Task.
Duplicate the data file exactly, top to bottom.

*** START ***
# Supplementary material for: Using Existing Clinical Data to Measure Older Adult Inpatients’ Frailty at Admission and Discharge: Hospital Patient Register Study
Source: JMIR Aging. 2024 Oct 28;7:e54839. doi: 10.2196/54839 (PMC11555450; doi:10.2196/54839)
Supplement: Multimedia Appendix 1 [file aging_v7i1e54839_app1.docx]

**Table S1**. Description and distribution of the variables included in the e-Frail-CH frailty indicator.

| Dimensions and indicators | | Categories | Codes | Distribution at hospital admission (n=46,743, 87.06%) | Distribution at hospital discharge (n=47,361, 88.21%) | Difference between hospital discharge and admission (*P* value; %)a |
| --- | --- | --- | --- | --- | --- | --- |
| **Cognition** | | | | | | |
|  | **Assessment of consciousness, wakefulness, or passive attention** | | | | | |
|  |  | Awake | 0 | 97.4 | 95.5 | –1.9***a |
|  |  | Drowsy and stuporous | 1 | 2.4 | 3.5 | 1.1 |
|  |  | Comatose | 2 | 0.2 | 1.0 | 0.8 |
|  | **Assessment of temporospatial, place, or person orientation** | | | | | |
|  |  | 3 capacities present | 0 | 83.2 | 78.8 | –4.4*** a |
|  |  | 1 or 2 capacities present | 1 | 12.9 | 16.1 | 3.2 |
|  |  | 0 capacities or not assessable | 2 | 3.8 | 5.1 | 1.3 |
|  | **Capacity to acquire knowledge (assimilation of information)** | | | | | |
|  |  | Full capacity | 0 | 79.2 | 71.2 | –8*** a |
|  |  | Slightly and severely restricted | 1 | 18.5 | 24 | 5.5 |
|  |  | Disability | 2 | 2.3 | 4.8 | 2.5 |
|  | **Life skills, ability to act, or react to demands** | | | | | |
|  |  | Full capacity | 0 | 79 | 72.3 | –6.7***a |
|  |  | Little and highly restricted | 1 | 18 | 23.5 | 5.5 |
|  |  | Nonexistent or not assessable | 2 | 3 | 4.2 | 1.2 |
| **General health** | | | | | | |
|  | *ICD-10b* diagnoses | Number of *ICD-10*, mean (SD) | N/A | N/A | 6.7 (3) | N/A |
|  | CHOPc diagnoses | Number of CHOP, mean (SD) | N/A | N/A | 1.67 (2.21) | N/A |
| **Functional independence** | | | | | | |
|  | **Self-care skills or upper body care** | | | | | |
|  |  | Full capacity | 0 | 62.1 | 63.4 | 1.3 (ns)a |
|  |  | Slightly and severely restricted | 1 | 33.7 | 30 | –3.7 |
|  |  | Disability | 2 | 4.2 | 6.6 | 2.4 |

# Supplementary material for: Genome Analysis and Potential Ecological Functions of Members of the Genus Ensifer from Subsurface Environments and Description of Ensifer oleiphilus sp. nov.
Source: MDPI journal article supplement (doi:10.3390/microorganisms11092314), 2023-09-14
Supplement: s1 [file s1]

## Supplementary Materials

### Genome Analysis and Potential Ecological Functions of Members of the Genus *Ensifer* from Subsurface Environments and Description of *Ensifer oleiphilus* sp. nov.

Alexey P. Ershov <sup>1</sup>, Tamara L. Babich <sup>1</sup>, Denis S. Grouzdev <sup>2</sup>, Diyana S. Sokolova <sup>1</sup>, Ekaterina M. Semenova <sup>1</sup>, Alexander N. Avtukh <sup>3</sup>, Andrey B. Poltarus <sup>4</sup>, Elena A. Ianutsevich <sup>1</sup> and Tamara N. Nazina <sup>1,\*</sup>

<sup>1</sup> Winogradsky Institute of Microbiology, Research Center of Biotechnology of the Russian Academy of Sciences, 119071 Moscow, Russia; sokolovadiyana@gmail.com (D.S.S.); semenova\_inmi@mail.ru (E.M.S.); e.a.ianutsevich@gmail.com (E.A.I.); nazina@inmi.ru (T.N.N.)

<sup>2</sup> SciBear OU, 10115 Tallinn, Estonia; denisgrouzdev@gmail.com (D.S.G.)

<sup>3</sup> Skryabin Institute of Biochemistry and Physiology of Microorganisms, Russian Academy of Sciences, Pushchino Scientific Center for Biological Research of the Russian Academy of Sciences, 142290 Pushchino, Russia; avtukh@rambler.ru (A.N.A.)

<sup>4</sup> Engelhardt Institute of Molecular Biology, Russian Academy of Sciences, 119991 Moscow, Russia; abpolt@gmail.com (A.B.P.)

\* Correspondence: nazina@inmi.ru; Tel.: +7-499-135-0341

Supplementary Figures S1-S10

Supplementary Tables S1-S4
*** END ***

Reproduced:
# Supplementary material for: Using Existing Clinical Data to Measure Older Adult Inpatients’ Frailty at Admission and Discharge: Hospital Patient Register Study
Source: JMIR Aging. 2024 Oct 28;7:e54839. doi: 10.2196/54839 (PMC11555450; doi:10.2196/54839)
Supplement: Multimedia Appendix 1 [file aging_v7i1e54839_app1.docx]

**Table S1**. Description and distribution of the variables included in the e-Frail-CH frailty indicator.

| Dimensions and indicators | | Categories | Codes | Distribution at hospital admission (n=46,743, 87.06%) | Distribution at hospital discharge (n=47,361, 88.21%) | Difference between hospital discharge and admission (*P* value; %)a |
| --- | --- | --- | --- | --- | --- | --- |
| **Cognition** | | | | | | |
|  | **Assessment of consciousness, wakefulness, or passive attention** | | | | | |
|  |  | Awake | 0 | 97.4 | 95.5 | –1.9***a |
|  |  | Drowsy and stuporous | 1 | 2.4 | 3.5 | 1.1 |
|  |  | Comatose | 2 | 0.2 | 1.0 | 0.8 |
|  | **Assessment of temporospatial, place, or person orientation** | | | | | |
|  |  | 3 capacities present | 0 | 83.2 | 78.8 | –4.4*** a |
|  |  | 1 or 2 capacities present | 1 | 12.9 | 16.1 | 3.2 |
|  |  | 0 capacities or not assessable | 2 | 3.8 | 5.1 | 1.3 |
|  | **Capacity to acquire knowledge (assimilation of information)** | | | | | |
|  |  | Full capacity | 0 | 79.2 | 71.2 | –8*** a |
|  |  | Slightly and severely restricted | 1 | 18.5 | 24 | 5.5 |
|  |  | Disability | 2 | 2.3 | 4.8 | 2.5 |
|  | **Life skills, ability to act, or react to demands** | | | | | |
|  |  | Full capacity | 0 | 79 | 72.3 | –6.7***a |
|  |  | Little and highly restricted | 1 | 18 | 23.5 | 5.5 |
|  |  | Nonexistent or not assessable | 2 | 3 | 4.2 | 1.2 |
| **General health** | | | | | | |
|  | *ICD-10b* diagnoses | Number of *ICD-10*, mean (SD) | N/A | N/A | 6.7 (3) | N/A |
|  | CHOPc diagnoses | Number of CHOP, mean (SD) | N/A | N/A | 1.67 (2.21) | N/A |
| **Functional independence** | | | | | | |
|  | **Self-care skills or upper body care** | | | | | |
|  |  | Full capacity | 0 | 62.1 | 63.4 | 1.3 (ns)a |
|  |  | Slightly and severely restricted | 1 | 33.7 | 30 | –3.7 |
|  |  | Disability | 2 | 4.2 | 6.6 | 2.4 |

# Supplementary material for: Genome Analysis and Potential Ecological Functions of Members of the Genus Ensifer from Subsurface Environments and Description of Ensifer oleiphilus sp. nov.
Source: MDPI journal article supplement (doi:10.3390/microorganisms11092314), 2023-09-14
Supplement: s1 [file s1]

## Supplementary Materials

### Genome Analysis and Potential Ecological Functions of Members of the Genus *Ensifer* from Subsurface Environments and Description of *Ensifer oleiphilus* sp. nov.

Alexey P. Ershov <sup>1</sup>, Tamara L. Babich <sup>1</sup>, Denis S. Grouzdev <sup>2</sup>, Diyana S. Sokolova <sup>1</sup>, Ekaterina M. Semenova <sup>1</sup>, Alexander N. Avtukh <sup>3</sup>, Andrey B. Poltarus <sup>4</sup>, Elena A. Ianutsevich <sup>1</sup> and Tamara N. Nazina <sup>1,\*</sup>

<sup>1</sup> Winogradsky Institute of Microbiology, Research Center of Biotechnology of the Russian Academy of Sciences, 119071 Moscow, Russia; sokolovadiyana@gmail.com (D.S.S.); semenova\_inmi@mail.ru (E.M.S.); e.a.ianutsevich@gmail.com (E.A.I.); nazina@inmi.ru (T.N.N.)

<sup>2</sup> SciBear OU, 10115 Tallinn, Estonia; denisgrouzdev@gmail.com (D.S.G.)

<sup>3</sup> Skryabin Institute of Biochemistry and Physiology of Microorganisms, Russian Academy of Sciences, Pushchino Scientific Center for Biological Research of the Russian Academy of Sciences, 142290 Pushchino, Russia; avtukh@rambler.ru (A.N.A.)

<sup>4</sup> Engelhardt Institute of Molecular Biology, Russian Academy of Sciences, 119991 Moscow, Russia; abpolt@gmail.com (A.B.P.)

\* Correspondence: nazina@inmi.ru; Tel.: +7-499-135-0341

Supplementary Figures S1-S10

Supplementary Tables S1-S4